AoC 2022/13 - Nested lists

TL;DR

On with Advent of Code puzzle 13 from 2022: playing with nested lists.

This day’s puzzle has a few interesting traits that stimulated me to learn a bit more about Raku. I still didn’t grasp things… but at least I’ll have something to look back in the future.

A first challenge was reading the inputs, i.e. something like this:

[1,1,3,1,1]
[1,1,5,1,1]

[[1],[2,3,4]]
[[1],4]

[9]
[[8,7,6]]

[[4,4],4,4]
[[4,4],4,4,4]

[7,7,7,7]
[7,7,7]

[]
[3]

[[[]]]
[[]]

[1,[2,[3,[4,[5,6,7]]]],8,9]
[1,[2,[3,[4,[5,6,0]]]],8,9]

As somebody pointed out either in this challenge or in another one, it’s easy to parse each line leveraging any JSON parser. But hey! We’re reinventing wheels here, so I ventured into using grammars.

Here’s what I came up with:

sub parse-expression ($expr) {
   grammar G {
      rule TOP              { <parenthesized> }
      rule element          { <intvalue> | <parenthesized> }
      rule intvalue         { 0 | <[ 1 .. 9 ]>\d* }
      rule parenthesized    { '[' [<list-of-elements>]? ']' }
      rule list-of-elements { <element> [ ',' <list-of-elements> ]? }
   }
   class Collect {
      method TOP ($/) { make $<parenthesized>.made }
      method element ($/) {
         make $<intvalue> ?? $<intvalue>.made !! $<parenthesized>.made;
      }
      method intvalue ($/) { make $/.Int }
      method parenthesized ($/) {
         make $<list-of-elements> ?? $<list-of-elements>.made !! $[];
      }
      method list-of-elements ($/) {
         my $retval = [ $<element>.made ];
         $retval.push: $<list-of-elements>.made.Slip if $<list-of-elements>;
         make $retval;
      }
   }
   return G.parse($expr, actions => Collect.new).made;
}

I struggled a bit with the Collect class, but maybe I got the gist of the make/made pair. We’ll see. Another thing that bite me was handling of empty sub-lists, I had to add the $ in $[] to avoid dissolving it in the upper level container. This is a bit counterintuitive to me, because I expect Raku to containerize by default (something I complained about in the past), and yet it does not here. When I needed it!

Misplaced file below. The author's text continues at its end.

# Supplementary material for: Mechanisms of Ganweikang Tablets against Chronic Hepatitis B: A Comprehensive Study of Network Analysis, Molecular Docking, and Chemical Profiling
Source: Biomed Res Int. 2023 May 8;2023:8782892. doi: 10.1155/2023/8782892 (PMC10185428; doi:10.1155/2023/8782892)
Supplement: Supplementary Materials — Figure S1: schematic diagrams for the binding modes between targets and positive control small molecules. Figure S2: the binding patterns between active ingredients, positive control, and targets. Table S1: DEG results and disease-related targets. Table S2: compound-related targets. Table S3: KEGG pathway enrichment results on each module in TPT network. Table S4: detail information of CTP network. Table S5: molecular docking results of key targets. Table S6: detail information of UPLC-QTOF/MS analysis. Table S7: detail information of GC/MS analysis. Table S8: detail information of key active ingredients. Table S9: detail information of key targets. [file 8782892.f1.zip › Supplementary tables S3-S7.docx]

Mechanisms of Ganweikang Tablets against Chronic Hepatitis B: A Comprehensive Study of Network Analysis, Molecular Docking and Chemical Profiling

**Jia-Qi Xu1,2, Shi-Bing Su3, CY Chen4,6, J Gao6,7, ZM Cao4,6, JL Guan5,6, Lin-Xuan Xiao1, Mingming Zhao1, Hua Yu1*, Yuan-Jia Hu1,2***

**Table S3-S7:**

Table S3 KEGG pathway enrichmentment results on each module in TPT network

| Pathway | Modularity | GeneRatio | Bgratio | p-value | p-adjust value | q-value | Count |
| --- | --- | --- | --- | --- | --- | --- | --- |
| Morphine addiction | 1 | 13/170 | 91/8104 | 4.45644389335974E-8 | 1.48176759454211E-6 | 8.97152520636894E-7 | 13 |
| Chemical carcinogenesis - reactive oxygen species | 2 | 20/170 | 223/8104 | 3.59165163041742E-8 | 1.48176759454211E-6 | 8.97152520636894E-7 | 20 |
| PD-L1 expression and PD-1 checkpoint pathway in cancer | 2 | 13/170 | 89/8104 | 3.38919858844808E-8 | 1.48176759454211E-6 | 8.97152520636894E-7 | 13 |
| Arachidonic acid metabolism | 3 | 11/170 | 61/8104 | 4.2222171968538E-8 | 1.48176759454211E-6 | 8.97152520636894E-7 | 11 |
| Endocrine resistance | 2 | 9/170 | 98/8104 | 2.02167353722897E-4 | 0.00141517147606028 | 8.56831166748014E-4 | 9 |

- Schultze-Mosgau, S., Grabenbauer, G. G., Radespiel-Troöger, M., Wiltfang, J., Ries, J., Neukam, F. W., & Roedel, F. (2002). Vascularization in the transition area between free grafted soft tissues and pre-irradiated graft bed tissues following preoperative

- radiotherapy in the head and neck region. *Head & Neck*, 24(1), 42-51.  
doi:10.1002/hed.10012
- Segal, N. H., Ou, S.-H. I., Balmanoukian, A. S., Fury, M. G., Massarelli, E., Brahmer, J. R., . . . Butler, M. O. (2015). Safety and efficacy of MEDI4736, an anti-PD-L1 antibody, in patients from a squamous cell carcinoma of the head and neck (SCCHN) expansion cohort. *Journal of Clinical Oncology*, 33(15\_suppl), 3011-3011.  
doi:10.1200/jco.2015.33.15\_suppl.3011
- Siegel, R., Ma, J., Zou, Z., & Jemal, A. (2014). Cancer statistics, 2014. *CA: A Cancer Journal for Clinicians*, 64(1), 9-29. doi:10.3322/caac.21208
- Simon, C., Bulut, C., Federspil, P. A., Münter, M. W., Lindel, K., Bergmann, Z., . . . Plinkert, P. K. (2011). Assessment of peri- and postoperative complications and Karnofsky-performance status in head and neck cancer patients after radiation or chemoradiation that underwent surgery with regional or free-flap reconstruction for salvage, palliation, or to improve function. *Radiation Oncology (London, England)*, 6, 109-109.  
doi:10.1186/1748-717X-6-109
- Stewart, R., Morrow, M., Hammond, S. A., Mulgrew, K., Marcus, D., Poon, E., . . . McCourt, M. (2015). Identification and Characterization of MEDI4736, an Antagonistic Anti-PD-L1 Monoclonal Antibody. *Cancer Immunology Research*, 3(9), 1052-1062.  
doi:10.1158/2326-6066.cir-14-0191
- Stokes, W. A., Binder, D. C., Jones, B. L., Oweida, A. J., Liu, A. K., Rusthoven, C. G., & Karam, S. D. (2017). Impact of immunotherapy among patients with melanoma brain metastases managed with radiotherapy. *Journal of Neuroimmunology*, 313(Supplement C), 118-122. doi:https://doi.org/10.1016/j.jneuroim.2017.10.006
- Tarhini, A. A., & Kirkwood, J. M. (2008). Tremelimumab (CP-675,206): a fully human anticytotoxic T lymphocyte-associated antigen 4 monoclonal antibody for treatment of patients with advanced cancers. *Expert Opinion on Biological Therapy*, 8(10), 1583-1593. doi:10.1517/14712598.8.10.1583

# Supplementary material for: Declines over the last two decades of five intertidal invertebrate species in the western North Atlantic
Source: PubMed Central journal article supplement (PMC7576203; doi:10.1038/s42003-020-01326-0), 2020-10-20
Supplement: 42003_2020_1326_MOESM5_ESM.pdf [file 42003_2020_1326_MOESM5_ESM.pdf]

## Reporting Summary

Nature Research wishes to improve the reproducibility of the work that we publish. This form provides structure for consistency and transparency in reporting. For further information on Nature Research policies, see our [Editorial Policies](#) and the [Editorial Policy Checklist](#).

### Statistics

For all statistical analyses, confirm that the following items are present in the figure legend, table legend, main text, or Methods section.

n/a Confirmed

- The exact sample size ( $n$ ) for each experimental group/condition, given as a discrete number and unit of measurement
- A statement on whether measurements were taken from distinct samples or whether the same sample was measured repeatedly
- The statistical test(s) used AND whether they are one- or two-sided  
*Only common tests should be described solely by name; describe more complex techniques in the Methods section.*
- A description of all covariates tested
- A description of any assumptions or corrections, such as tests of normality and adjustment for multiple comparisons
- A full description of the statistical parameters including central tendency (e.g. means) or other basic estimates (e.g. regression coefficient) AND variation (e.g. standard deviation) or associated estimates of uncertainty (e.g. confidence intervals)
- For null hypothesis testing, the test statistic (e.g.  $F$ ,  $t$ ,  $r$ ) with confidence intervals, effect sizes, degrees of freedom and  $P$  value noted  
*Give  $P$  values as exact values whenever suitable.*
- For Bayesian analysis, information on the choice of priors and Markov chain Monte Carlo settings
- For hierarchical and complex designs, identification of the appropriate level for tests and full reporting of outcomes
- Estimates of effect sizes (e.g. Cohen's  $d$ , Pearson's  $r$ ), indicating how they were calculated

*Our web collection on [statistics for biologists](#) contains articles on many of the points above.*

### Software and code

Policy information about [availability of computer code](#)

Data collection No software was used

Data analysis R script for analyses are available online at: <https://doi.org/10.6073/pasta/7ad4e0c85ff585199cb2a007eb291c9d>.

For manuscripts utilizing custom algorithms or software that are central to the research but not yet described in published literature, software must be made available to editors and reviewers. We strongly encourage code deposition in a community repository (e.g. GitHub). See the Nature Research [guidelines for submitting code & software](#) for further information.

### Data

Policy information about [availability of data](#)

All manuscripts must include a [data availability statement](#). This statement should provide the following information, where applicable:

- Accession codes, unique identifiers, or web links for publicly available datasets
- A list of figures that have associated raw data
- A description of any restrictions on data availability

Others used a simpler grammar. As an example, this solution (by s3aker, again) has this interesting shorter grammar:

grammar DeepArray {
    rule TOP     { '[' ~ ']' <element>* % ',' }
    rule element { <number> || <TOP> }
    token number { \d+ }
}

class DeepArrayActions {
    method TOP($/)     { make $<element>».made.Array }
    method element($/) { make $<number> ?? $<number>.made !! $<TOP>.made }
    method number($/)  { make $/.Int }
}

Compared to mine, I can tell that TOP and parenthesized were collapsed into one, list-of-elements is represented in some idiomatic way and there was little fussing about properly representing non-negative integers. I’ll have to dig the usage of ~ in TOP (as I get it, % is for describing lists with a separator) as well as using || instead of | in the alternation for element.

The comparison algorithm seemed perfect for coding the same function with different inputs, so I went for multi:

multi sub compare (Int $left, Int $right) { return ($right <=> $left).Int }
multi sub compare (    @left, Int $right) { return compare(@left, [$right]) }
multi sub compare (Int $left,     @right) { return compare([$left], @right) }
multi sub compare (@left is copy, @right is copy) {
   while @left && @right {
      my $comparison = compare(@left.shift, @right.shift);
      return $comparison if $comparison != 0;
   }
   return @left ?? -1 !! @right ?? 1 !! 0;
}

Part 1 was easy at this point, because the upper-level comparison tells us whether the ordering is correct or not by simply checking that the output value is +1. It was also a good occasion to use gather/take, which I love (albeit I’ve been warned about its inefficiency in the past).

sub part1 ($inputs) {
   (gather for $inputs.kv -> $i, ($left, $right) {
      my $is_correct = compare($left, $right) > 0;
      take $i + 1 if $is_correct;
   }).sum
}

This comparison function allows us to use sort, so it’s just a matter of injecting the two markers and find them out after sorting the whole list of signals:

sub part2 ($inputs) {
   my $two = [[2],];
   my $six = [[6],];
   my @all = $two, $six, (gather $inputs.map({.take for @$_})).Slip;
   my @sorted = @all.sort({ compare($^a, $^b) }).reverse;
   my %targets = ($two, $six).map({$_.raku}).Set;
   return [*] (^@sorted).grep({@sorted[$_].raku ∈ %targets }).map: * + 1;
}

Full solution.

Stay safe!


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